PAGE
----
Mexico is one of the most dangerous places in the world to be a journalist today. Under pressure to take action, on the 30th of April, Mexico’s Parliament unanimously passed a new law to protect human rights defenders and journalists.
Yet in the same week as the law was passed, four journalists were killed in the state of Veracruz, including Regina Martinez, a correspondent for the political magazine Proceso who was found strangled in her home.
Siobhan Warrington asked Susi Bascon, Graciela Martínez and Susana Nistal of the human rights organisation Peace Brigades International (PBI) about the new law.
What does this new law mean for human rights defenders and journalists in Mexico?
Susana: It means that people who are defending human rights have a particular recognition and protection. It is now recognised that undertaking such activities in Mexico at this time is particularly dangerous.
Graciela: If anyone is attacked whilst defending the human rights of themselves or of others, this law will support their fight for justice. They will be able to go to an entity of the Mexican government and say, “I am in danger, you need to give me some protection”. The law recommends a very quick and concrete response to human rights defenders or journalists who are asking for protection measures.
Why is the approval of this law important at this time in Mexico?
Graciela: In July there will be presidential and parliamentary elections in Mexico. Mexico is known for developing lots of laws which are not implemented, . However, this law was approved by consensus; there was not one single vote against the law in the senate or the congress. This gives the law a strong foundation for the future.
The way it was developed is also significant. Civil Society Organisations were the ones who made the first draft of this law, and worked to convince senators to develop it. In this sense, it represents an important historical moment in terms of democracy in Mexico. CSOs have been able to work together in a unified way, and have also worked together with the senate to build this law.
Susi: This is in itself significant – in the context of violence and frustration and difficulties with collaborating with the authorities… for organisations to be able to overcome this context and learn to work together and to work with the authorities.
When did civil society organisations come together then to work on this law?
Susana: It all started in 2008-09. In 2009 Mexico was reviewed by the UN Council. As the violence increased in those years, the Mexican civil society working to promote human rights began to realise that they were subjects of attacks; that they were victims too. At this point they started presenting their needs for protection before the Inter American System of Human Rights, before the UN and before the Mexican government.
The numbers of journalists being killed was terrible, and it was very evident that human rights defenders and journalists were under threat. This resulted in recommendations from a large number of countries asking Mexico during the review at the UN Council to protect better and to recognise the work of human rights defenders and journalists.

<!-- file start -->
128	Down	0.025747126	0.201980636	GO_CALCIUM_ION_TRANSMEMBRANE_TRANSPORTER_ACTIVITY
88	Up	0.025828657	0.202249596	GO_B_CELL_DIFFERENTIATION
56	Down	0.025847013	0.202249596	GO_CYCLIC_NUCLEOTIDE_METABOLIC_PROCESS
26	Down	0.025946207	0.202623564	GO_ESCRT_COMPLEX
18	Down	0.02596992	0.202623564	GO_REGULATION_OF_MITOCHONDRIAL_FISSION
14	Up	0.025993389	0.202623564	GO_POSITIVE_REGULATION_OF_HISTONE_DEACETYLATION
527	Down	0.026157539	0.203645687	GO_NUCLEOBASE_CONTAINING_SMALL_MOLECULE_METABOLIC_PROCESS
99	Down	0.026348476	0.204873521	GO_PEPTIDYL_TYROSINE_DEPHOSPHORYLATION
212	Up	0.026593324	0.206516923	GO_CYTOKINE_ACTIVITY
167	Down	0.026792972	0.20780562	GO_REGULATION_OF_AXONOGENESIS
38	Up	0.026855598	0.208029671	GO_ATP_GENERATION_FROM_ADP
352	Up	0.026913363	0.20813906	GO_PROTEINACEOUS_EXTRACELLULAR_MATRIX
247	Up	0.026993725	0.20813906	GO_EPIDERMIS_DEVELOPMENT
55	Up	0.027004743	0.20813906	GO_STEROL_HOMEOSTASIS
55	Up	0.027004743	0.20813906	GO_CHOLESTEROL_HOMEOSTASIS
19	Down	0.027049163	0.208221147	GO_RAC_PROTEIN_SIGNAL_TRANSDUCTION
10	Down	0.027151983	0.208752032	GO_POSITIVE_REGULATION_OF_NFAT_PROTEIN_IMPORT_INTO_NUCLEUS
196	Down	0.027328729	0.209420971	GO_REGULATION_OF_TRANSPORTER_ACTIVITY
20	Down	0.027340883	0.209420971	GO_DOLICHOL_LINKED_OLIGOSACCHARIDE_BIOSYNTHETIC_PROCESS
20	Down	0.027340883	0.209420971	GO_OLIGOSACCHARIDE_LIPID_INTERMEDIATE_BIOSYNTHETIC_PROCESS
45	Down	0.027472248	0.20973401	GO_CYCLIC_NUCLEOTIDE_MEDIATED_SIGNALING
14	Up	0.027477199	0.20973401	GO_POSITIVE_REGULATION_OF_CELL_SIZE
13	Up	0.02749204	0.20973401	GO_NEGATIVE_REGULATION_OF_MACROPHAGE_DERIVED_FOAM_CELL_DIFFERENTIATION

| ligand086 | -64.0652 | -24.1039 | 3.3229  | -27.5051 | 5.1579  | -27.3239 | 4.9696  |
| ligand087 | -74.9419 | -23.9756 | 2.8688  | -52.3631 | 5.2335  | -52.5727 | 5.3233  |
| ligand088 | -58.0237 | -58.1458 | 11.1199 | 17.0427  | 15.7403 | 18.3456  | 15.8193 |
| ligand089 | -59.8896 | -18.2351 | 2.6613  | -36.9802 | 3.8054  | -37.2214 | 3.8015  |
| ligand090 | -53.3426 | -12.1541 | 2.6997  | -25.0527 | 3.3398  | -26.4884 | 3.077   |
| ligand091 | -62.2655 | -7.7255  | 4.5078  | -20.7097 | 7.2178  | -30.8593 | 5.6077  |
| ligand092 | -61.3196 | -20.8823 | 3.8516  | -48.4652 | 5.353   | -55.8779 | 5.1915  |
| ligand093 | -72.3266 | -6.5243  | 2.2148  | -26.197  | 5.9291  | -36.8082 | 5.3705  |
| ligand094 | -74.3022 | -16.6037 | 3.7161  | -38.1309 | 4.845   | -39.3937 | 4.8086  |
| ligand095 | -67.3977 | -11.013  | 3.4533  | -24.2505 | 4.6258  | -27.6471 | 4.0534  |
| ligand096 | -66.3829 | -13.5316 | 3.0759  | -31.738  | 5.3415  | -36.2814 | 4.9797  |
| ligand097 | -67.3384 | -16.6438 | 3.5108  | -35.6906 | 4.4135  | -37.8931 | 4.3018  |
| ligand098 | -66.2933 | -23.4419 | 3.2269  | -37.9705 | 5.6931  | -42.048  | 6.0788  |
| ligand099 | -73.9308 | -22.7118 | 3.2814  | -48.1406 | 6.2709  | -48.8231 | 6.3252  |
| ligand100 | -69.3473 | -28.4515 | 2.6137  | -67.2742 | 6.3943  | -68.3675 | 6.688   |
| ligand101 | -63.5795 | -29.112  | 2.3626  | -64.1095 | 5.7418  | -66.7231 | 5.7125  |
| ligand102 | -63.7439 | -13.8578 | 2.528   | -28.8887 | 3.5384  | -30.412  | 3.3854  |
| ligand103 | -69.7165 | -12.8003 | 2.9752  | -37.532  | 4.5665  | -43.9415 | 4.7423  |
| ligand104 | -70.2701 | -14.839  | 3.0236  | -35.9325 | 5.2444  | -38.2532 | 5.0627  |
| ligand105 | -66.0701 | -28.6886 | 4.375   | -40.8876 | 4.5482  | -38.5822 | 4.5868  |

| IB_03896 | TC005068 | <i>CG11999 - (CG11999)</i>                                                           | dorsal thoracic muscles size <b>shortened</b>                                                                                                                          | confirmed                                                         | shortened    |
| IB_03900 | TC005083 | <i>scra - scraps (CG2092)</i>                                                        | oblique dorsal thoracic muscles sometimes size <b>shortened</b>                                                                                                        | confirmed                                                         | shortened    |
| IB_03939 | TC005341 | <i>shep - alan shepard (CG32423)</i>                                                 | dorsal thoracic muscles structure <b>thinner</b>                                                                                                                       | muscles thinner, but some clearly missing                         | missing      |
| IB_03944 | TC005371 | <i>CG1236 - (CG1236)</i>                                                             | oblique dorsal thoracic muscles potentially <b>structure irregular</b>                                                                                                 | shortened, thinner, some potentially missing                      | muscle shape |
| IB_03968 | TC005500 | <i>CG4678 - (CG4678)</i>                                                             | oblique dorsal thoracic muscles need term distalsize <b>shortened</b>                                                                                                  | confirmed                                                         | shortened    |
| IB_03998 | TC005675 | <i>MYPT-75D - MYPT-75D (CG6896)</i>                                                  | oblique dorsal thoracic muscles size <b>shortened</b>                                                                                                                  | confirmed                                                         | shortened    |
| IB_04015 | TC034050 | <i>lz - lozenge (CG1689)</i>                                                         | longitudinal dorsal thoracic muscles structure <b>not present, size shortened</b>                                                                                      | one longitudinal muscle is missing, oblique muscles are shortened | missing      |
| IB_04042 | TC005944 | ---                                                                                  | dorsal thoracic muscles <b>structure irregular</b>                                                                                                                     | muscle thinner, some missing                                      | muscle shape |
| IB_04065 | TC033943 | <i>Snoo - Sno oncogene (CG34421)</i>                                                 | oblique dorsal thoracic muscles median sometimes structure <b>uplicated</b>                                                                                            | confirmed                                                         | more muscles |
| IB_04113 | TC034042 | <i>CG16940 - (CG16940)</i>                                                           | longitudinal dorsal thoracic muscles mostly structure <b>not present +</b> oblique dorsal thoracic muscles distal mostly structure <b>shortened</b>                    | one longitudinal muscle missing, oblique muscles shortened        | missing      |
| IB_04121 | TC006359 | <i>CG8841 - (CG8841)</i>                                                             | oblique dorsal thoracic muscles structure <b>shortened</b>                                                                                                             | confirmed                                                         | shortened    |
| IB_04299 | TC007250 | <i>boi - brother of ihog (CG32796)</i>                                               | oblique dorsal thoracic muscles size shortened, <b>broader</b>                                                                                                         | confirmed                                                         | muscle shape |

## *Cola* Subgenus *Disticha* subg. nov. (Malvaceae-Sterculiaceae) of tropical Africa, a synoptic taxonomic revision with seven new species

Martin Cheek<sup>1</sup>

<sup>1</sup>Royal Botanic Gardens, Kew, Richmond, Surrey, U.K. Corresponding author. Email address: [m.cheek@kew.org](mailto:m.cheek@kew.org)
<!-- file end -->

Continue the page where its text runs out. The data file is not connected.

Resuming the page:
In 2010 a network of human rights organisations came together to develop the idea of a government mechanism for protection, and as a result of this process some members of this network started to see the need for this to go further, the need for a parliamentary law.
Now that the law has been approved, what are the priorities for organisations like PBI and CMDPDH in Mexico?
Graciela: Before the next presidential and legislative elections of July 2012 we need to closely monitor the implementation of the law and the development of the governmental protection mechanism itself. And of course this monitoring needs to continue after the elections. There is sufficient time whilst the current government is still in power to make sure that necessary protocols are in place to have a functioning mechanism.
What are your reflections, or feelings, on the law being approved?
Susana: There was definitely great happiness to get the unanimous approval, the fact every member of the congress and senate voted to approve the law. And then the minute of silence for the journalist killed on Saturday… For anyone working in Mexico for human rights, the approval of the law on Monday was very moving… we couldn’t have imagined this happening a year ago, to see such a concrete development and change in the minds of people, this is very moving..
Susi: The process of developing and lobbying for the law has also contributed to relationship building between CSOs, embassies and international NGOs. PBI have been at the forefront of facilitating dialogue between these different entities. In fact in the weeks running up to the law being approved PBI and Amnesty have been working very closely to ensure that there was enough pressure from the UK (eg through the All Parliamentary Group, Alliance of Lawyers at Risk etc) to ensure the law was brought before Congress for approval.
Graciela: For us, this process has been challenging; it is the first time we have worked in a legal process. But I think it has given us a very important background for further work in Mexico and most importantly it resulted in working together very closely with other CSOs and we have developed deep relationships with the interest to work together in the future.
To find out more about PBI please visit their websites: http://www.peacebrigades.org.uk and http://www.pbi-mexico.org
A CAFOD exhibition “Silenced: Fighting for press freedom in Mexico” to commemorate Mexican journalists who have lost their lives as a result of their work is being held at the Guardian offices until the 13th of May.